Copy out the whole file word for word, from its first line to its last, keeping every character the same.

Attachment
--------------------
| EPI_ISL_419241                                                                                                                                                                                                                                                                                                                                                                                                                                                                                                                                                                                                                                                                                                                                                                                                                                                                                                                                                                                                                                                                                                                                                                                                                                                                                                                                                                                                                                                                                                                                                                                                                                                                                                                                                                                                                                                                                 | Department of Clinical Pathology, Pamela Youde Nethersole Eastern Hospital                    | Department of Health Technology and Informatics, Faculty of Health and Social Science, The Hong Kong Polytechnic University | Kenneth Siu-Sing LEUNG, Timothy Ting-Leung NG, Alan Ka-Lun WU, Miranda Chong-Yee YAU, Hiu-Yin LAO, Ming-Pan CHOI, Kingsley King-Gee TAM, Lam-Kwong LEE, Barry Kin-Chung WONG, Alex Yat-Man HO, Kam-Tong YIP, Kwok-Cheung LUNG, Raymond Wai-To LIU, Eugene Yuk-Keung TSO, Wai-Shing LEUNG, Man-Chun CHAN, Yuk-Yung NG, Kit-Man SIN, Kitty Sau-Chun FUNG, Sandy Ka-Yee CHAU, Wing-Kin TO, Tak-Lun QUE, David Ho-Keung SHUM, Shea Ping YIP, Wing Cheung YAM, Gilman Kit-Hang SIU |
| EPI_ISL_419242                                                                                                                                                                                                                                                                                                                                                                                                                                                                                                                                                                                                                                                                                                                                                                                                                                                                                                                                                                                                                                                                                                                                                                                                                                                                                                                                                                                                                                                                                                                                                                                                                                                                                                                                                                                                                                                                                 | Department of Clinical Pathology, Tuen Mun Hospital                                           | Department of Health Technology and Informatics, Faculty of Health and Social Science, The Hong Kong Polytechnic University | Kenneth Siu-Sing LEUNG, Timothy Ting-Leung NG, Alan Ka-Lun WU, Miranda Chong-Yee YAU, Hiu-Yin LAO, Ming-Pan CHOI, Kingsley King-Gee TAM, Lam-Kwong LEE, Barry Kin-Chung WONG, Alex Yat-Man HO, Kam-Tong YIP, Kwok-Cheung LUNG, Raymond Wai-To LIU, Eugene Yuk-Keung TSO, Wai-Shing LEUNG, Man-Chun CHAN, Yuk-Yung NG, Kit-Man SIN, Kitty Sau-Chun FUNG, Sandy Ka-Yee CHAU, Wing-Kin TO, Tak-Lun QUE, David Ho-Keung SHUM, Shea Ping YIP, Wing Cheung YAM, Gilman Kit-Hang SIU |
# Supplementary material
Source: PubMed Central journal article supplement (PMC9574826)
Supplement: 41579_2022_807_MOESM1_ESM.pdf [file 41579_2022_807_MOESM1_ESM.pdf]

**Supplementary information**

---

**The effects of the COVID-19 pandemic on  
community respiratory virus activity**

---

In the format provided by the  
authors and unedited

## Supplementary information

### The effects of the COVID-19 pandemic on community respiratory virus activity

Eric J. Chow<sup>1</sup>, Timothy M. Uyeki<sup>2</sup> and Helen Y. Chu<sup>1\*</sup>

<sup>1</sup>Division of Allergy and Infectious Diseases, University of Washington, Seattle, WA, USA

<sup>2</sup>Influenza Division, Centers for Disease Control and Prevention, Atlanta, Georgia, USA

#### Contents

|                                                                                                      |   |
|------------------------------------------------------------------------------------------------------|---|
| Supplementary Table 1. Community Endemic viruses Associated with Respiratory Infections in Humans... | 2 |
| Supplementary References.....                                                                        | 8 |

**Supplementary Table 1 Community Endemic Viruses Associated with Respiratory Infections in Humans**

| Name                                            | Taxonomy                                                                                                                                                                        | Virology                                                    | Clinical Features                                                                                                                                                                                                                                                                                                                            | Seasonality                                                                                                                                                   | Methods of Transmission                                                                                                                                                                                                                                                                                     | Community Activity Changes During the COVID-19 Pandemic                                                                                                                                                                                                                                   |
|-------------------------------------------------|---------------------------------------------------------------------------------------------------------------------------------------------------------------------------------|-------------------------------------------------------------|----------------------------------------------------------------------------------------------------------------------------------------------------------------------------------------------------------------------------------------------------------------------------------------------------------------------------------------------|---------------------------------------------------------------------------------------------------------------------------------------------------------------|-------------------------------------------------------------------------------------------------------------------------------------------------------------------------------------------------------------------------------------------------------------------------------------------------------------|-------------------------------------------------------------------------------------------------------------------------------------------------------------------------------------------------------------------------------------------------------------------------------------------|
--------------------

| EPI_ISL_419241                                                                                                                                                                                                                                                                                                                                                                                                                                                                                                                                                                                                                                                                                                                                                                                                                                                                                                                                                                                                                                                                                                                                                                                                                                                                                                                                                                                                                                                                                                                                                                                                                                                                                                                                                                                                                                                                                 | Department of Clinical Pathology, Pamela Youde Nethersole Eastern Hospital                    | Department of Health Technology and Informatics, Faculty of Health and Social Science, The Hong Kong Polytechnic University | Kenneth Siu-Sing LEUNG, Timothy Ting-Leung NG, Alan Ka-Lun WU, Miranda Chong-Yee YAU, Hiu-Yin LAO, Ming-Pan CHOI, Kingsley King-Gee TAM, Lam-Kwong LEE, Barry Kin-Chung WONG, Alex Yat-Man HO, Kam-Tong YIP, Kwok-Cheung LUNG, Raymond Wai-To LIU, Eugene Yuk-Keung TSO, Wai-Shing LEUNG, Man-Chun CHAN, Yuk-Yung NG, Kit-Man SIN, Kitty Sau-Chun FUNG, Sandy Ka-Yee CHAU, Wing-Kin TO, Tak-Lun QUE, David Ho-Keung SHUM, Shea Ping YIP, Wing Cheung YAM, Gilman Kit-Hang SIU |
| EPI_ISL_419242                                                                                                                                                                                                                                                                                                                                                                                                                                                                                                                                                                                                                                                                                                                                                                                                                                                                                                                                                                                                                                                                                                                                                                                                                                                                                                                                                                                                                                                                                                                                                                                                                                                                                                                                                                                                                                                                                 | Department of Clinical Pathology, Tuen Mun Hospital                                           | Department of Health Technology and Informatics, Faculty of Health and Social Science, The Hong Kong Polytechnic University | Kenneth Siu-Sing LEUNG, Timothy Ting-Leung NG, Alan Ka-Lun WU, Miranda Chong-Yee YAU, Hiu-Yin LAO, Ming-Pan CHOI, Kingsley King-Gee TAM, Lam-Kwong LEE, Barry Kin-Chung WONG, Alex Yat-Man HO, Kam-Tong YIP, Kwok-Cheung LUNG, Raymond Wai-To LIU, Eugene Yuk-Keung TSO, Wai-Shing LEUNG, Man-Chun CHAN, Yuk-Yung NG, Kit-Man SIN, Kitty Sau-Chun FUNG, Sandy Ka-Yee CHAU, Wing-Kin TO, Tak-Lun QUE, David Ho-Keung SHUM, Shea Ping YIP, Wing Cheung YAM, Gilman Kit-Hang SIU |
# Supplementary material
Source: PubMed Central journal article supplement (PMC9574826)
Supplement: 41579_2022_807_MOESM1_ESM.pdf [file 41579_2022_807_MOESM1_ESM.pdf]

**Supplementary information**

---

**The effects of the COVID-19 pandemic on  
community respiratory virus activity**

---

In the format provided by the  
authors and unedited

## Supplementary information

### The effects of the COVID-19 pandemic on community respiratory virus activity

Eric J. Chow<sup>1</sup>, Timothy M. Uyeki<sup>2</sup> and Helen Y. Chu<sup>1\*</sup>

<sup>1</sup>Division of Allergy and Infectious Diseases, University of Washington, Seattle, WA, USA

<sup>2</sup>Influenza Division, Centers for Disease Control and Prevention, Atlanta, Georgia, USA

#### Contents

|                                                                                                      |   |
|------------------------------------------------------------------------------------------------------|---|
| Supplementary Table 1. Community Endemic viruses Associated with Respiratory Infections in Humans... | 2 |
| Supplementary References.....                                                                        | 8 |

**Supplementary Table 1 Community Endemic Viruses Associated with Respiratory Infections in Humans**

| Name                                            | Taxonomy                                                                                                                                                                        | Virology                                                    | Clinical Features                                                                                                                                                                                                                                                                                                                            | Seasonality                                                                                                                                                   | Methods of Transmission                                                                                                                                                                                                                                                                                     | Community Activity Changes During the COVID-19 Pandemic                                                                                                                                                                                                                                   |
|-------------------------------------------------|---------------------------------------------------------------------------------------------------------------------------------------------------------------------------------|-------------------------------------------------------------|----------------------------------------------------------------------------------------------------------------------------------------------------------------------------------------------------------------------------------------------------------------------------------------------------------------------------------------------|---------------------------------------------------------------------------------------------------------------------------------------------------------------|-------------------------------------------------------------------------------------------------------------------------------------------------------------------------------------------------------------------------------------------------------------------------------------------------------------|-------------------------------------------------------------------------------------------------------------------------------------------------------------------------------------------------------------------------------------------------------------------------------------------|